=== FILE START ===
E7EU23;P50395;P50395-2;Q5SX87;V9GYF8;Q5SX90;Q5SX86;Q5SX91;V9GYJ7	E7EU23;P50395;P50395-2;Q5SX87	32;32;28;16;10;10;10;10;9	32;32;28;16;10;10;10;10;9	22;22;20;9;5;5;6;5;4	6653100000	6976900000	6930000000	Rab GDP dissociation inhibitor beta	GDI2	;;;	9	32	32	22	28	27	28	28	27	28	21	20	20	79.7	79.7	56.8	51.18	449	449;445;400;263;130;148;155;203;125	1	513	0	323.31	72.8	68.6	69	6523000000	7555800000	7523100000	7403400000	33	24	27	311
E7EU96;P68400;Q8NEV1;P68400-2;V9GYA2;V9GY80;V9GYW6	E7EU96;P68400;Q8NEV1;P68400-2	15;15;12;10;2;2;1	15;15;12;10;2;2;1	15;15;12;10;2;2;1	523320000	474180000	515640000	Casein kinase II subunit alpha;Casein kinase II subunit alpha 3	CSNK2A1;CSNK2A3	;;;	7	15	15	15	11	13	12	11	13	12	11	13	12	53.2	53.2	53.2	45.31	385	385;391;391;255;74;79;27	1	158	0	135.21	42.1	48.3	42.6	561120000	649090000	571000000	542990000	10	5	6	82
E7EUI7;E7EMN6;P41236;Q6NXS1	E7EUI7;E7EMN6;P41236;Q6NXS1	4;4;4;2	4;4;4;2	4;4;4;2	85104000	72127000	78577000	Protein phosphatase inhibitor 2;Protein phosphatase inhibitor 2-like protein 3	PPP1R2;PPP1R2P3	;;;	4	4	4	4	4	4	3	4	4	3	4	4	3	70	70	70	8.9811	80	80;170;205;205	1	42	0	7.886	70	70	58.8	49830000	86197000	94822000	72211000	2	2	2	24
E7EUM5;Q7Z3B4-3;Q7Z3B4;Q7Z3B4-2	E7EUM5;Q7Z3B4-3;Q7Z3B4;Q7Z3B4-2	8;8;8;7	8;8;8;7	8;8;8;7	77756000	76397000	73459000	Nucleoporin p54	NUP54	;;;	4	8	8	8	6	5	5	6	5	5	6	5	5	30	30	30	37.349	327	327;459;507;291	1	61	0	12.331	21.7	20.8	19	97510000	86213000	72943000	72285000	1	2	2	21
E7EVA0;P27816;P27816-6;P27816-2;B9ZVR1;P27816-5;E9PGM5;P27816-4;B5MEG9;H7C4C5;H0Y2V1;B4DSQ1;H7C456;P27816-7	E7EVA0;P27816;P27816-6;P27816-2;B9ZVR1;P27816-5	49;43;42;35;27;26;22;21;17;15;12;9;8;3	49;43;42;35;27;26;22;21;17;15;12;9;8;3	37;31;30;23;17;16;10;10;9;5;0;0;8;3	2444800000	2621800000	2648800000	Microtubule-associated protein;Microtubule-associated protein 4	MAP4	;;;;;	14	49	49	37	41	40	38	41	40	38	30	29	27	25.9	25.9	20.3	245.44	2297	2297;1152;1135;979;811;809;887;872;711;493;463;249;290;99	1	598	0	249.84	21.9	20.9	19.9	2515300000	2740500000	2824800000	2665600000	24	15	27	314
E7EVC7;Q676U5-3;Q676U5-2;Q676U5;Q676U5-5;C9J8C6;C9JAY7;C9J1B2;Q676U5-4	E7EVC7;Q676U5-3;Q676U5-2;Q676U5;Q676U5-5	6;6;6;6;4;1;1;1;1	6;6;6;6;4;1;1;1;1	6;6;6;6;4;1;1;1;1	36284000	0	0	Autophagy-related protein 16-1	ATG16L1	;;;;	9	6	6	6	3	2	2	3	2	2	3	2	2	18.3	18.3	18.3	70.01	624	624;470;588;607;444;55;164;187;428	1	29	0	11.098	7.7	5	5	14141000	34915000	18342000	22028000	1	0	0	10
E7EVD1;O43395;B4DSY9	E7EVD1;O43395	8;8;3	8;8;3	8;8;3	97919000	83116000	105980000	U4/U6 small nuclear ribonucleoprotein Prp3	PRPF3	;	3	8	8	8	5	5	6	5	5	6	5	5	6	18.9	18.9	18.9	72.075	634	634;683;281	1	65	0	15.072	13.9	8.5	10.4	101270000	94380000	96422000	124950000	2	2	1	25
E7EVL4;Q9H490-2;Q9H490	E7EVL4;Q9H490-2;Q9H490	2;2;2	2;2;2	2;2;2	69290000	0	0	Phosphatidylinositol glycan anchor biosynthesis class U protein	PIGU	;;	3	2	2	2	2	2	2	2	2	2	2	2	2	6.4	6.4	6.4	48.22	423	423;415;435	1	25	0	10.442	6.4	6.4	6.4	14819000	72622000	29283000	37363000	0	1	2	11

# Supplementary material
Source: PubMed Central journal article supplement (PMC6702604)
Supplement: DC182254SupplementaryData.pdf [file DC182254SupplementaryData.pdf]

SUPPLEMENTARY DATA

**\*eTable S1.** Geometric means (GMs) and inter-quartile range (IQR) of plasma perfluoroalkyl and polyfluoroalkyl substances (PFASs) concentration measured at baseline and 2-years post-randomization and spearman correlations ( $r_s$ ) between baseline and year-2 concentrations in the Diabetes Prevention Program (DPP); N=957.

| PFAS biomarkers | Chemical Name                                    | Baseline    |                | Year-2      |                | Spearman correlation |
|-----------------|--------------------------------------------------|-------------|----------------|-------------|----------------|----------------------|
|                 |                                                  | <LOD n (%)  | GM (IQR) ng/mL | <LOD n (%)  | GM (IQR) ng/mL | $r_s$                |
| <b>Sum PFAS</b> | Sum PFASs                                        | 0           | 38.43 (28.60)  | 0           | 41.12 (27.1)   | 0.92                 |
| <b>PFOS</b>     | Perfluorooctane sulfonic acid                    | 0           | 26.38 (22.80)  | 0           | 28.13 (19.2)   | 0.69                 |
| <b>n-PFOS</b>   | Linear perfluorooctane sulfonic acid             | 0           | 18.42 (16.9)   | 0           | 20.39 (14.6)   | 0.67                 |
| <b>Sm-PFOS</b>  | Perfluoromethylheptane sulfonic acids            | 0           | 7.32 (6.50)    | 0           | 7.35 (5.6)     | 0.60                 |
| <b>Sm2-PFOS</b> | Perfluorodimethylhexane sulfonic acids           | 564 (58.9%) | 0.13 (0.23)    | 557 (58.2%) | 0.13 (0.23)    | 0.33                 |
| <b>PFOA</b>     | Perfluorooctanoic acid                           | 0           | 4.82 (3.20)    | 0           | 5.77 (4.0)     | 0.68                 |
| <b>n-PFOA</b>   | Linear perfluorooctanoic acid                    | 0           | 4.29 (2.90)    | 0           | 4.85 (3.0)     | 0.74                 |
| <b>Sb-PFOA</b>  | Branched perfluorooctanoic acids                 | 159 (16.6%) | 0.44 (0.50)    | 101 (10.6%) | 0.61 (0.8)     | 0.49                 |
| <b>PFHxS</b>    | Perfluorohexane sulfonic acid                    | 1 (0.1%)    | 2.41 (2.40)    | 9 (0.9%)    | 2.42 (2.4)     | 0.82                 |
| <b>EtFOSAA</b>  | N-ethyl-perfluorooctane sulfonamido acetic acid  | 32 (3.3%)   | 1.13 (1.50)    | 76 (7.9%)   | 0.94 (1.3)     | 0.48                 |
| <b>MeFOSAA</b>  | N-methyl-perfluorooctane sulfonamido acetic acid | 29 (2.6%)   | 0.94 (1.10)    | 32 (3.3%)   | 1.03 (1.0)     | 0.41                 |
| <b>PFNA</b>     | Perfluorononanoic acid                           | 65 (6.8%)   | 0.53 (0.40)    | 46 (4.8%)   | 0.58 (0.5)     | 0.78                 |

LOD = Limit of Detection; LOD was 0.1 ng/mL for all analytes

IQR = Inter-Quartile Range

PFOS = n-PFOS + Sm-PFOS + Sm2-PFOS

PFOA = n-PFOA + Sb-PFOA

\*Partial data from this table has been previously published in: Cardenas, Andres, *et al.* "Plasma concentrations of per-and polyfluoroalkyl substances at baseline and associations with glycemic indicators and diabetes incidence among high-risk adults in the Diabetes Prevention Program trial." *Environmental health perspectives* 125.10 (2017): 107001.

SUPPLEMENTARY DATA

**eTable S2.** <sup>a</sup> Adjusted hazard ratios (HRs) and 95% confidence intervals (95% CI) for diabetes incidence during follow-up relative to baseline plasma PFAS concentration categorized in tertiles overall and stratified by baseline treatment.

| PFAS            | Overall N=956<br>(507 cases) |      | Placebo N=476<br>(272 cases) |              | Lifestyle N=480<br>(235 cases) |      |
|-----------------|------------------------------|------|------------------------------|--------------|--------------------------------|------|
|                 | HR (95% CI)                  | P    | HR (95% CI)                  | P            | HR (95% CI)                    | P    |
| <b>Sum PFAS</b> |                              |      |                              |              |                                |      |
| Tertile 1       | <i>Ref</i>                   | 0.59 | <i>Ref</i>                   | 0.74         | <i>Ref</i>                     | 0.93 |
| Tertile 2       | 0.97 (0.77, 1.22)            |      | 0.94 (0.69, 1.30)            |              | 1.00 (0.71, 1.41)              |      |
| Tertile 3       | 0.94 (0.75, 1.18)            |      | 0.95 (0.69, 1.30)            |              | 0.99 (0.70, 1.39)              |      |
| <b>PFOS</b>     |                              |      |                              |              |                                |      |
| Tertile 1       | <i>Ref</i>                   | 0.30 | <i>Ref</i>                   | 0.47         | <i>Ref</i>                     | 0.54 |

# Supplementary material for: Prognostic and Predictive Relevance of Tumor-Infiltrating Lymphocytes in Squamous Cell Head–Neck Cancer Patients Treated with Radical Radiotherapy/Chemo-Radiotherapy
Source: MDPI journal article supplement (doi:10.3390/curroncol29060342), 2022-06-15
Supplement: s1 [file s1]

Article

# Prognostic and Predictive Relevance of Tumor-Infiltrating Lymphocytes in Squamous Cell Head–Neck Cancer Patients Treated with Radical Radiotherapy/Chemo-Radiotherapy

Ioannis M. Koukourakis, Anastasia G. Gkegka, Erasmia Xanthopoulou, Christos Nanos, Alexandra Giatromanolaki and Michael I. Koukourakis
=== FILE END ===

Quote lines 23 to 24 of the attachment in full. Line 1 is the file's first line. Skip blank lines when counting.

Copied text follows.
| <b>n-PFOA</b>   | Linear perfluorooctanoic acid                    | 0           | 4.29 (2.90)    | 0           | 4.85 (3.0)     | 0.74                 |
| <b>Sb-PFOA</b>  | Branched perfluorooctanoic acids                 | 159 (16.6%) | 0.44 (0.50)    | 101 (10.6%) | 0.61 (0.8)     | 0.49                 |